“In a year’s time, I had gained about 75 pounds,” he says. “I got so big, customers started talking about me.”
He decided he needed to silence them; he made a New Year’s resolution to lose the pounds — by not eating at his market and to start cooking at home. “The weight,” he says, “was just coming off.”
If Singleton, 45, learned the importance of home cooking — and avoiding junk food — he couldn’t exactly translate those lessons into a business plan that made sense for Marbury Market. He had tried to sneak in healthier drinks — fruits juices and smoothies — and discovered his customers preferred their carbonated sodas with high-fructose corn syrup.
But the owner’s weight-loss story made him open to a surprise offer that came his way last year: D.C. Central Kitchen, the nonprofit dedicated to feeding and training unemployed and at-risk Washingtonians, asked Singleton to join a pilot program to introduce fresh produce to corner markets in the District’s so-called “food deserts.” The program is part of a growing national effort to increase access to healthy food. In Philadelphia, for instance, a federally funded program is placing fresh food in hundreds of corner stores in low-income neighborhoods with high obesity rates.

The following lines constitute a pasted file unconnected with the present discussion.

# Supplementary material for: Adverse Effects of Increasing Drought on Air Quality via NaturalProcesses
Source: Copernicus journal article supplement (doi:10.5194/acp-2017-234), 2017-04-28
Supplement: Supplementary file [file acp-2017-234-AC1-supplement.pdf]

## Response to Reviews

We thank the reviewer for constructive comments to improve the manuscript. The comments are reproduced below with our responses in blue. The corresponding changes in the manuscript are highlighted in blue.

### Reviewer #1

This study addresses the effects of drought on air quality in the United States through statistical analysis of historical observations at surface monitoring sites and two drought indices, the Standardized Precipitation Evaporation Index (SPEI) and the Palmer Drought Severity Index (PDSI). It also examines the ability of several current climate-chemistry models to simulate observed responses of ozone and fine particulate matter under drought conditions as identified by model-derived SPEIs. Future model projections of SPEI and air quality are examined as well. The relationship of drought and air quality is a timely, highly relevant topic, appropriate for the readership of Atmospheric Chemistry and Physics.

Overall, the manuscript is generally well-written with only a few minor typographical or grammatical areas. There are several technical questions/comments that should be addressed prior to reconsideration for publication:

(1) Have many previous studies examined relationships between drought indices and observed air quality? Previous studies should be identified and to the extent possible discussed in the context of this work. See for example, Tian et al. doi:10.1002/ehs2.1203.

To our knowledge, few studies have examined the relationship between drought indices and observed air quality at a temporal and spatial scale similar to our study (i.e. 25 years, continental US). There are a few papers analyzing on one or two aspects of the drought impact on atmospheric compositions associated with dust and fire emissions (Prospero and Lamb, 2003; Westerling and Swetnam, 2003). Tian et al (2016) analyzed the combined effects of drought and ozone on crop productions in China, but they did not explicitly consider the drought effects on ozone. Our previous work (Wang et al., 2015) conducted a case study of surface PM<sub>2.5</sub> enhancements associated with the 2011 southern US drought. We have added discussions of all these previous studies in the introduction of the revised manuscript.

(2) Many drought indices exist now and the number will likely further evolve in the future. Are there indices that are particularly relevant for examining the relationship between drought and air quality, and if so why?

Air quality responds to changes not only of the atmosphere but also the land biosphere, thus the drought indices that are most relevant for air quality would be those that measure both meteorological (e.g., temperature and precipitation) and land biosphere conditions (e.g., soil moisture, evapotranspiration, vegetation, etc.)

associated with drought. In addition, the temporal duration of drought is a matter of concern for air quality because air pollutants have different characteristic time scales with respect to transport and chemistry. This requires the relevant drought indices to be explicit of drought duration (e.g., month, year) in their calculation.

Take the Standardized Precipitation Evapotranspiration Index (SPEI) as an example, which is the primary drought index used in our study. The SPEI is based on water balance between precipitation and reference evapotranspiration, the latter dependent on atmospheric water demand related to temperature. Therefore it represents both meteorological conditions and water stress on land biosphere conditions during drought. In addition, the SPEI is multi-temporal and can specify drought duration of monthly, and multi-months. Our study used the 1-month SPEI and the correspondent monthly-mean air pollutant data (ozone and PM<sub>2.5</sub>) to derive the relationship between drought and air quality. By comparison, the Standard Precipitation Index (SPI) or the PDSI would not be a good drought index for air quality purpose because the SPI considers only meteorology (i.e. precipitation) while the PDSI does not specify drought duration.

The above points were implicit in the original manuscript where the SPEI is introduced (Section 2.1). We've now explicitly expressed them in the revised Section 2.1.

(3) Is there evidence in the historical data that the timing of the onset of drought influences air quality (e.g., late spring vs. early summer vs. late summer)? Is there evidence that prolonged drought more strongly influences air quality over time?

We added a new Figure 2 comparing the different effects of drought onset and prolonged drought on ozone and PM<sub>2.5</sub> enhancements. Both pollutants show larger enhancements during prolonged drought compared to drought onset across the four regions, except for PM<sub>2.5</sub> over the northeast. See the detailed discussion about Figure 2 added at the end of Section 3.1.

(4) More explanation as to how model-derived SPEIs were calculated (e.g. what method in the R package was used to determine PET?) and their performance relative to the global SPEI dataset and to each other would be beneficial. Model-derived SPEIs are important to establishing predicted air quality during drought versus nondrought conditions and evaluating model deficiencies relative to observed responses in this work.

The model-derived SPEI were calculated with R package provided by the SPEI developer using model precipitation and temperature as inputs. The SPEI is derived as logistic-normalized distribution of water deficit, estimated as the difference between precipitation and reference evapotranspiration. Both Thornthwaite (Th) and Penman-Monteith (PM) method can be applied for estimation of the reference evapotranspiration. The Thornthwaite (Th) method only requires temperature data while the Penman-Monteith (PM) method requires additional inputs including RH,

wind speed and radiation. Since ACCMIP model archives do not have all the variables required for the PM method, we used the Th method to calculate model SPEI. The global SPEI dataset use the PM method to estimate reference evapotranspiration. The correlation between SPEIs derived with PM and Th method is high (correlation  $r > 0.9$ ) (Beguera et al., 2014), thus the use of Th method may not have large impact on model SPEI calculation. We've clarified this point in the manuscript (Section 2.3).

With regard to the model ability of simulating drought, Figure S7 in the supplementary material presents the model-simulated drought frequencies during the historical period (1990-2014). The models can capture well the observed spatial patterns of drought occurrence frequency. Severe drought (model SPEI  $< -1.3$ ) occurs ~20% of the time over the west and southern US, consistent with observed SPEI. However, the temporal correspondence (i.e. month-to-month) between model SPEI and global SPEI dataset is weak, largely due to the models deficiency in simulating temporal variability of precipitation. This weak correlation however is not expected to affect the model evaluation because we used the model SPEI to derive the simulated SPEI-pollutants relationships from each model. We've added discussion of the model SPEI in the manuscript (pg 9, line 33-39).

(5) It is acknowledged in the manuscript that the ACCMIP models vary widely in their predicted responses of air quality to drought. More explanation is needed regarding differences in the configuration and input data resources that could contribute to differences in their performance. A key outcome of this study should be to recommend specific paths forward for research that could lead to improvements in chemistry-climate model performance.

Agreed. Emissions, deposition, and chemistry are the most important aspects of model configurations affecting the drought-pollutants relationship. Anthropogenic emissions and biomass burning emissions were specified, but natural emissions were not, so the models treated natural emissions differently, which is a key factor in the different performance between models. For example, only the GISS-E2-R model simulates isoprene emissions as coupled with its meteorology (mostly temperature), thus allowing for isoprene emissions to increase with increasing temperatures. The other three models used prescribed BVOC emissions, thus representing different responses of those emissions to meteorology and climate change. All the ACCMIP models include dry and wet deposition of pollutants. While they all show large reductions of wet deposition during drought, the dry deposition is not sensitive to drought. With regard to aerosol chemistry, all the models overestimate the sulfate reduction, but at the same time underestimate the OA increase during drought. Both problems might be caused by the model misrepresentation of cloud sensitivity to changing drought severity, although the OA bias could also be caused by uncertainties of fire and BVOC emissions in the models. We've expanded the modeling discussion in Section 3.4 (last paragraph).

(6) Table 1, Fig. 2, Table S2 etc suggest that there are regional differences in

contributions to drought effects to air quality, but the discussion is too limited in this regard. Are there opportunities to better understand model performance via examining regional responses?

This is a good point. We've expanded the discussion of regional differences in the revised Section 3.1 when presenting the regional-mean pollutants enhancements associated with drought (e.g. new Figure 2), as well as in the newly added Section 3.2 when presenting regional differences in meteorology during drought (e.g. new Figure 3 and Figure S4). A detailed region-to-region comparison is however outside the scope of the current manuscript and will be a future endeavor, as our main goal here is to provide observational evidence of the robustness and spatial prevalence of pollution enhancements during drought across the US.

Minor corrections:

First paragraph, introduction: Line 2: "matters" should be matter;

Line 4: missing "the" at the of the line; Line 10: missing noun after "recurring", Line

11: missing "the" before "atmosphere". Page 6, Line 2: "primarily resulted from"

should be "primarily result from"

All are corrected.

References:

Central Kitchen’s “Healthy Corners” program launched in September 2011, with about 30 stores taking part, each located in a low-income neighborhood that the U.S. Department of Agriculture has designated a food desert, because at least a third of its residents live more than a mile away from a large grocery store. Healthy Corners was designed to overcome at least two major obstacles that keep fresh produce out of bodegas: Retailers think the fruits and vegetables are too expensive and too hard to sell, and distributors don’t see the value of delivering small orders to these tiny neighborhood stores.
Michael F. Curtin Jr., chief executive of D.C. Central Kitchen, calls it a “vicious cycle” that has kept poor neighborhoods hooked on empty calories, a reminder that food security is not just about access to food — but access to good food. With initial funding from the D.C. Department of Small and Local Business Development, Healthy Corners was able not only to supply corner stores with modest refrigeration units, but also to serve as a small-scale distributor, buying produce in bulk and then breaking the fruits and veggies into small orders for delivery.
But more important, Curtin says, Healthy Corners has eased these small retailers into the program by subsidizing the produce for several months before charging full wholesale prices. The slow phase-in period allows store owners to figure out what their customers want, so that when D.C. Central Kitchen starts charging full price, retailers can cater their weekly orders to match consumer demand. This, in part, explains why 27 of the original 30 pilot stores continue to take part in Healthy Corners.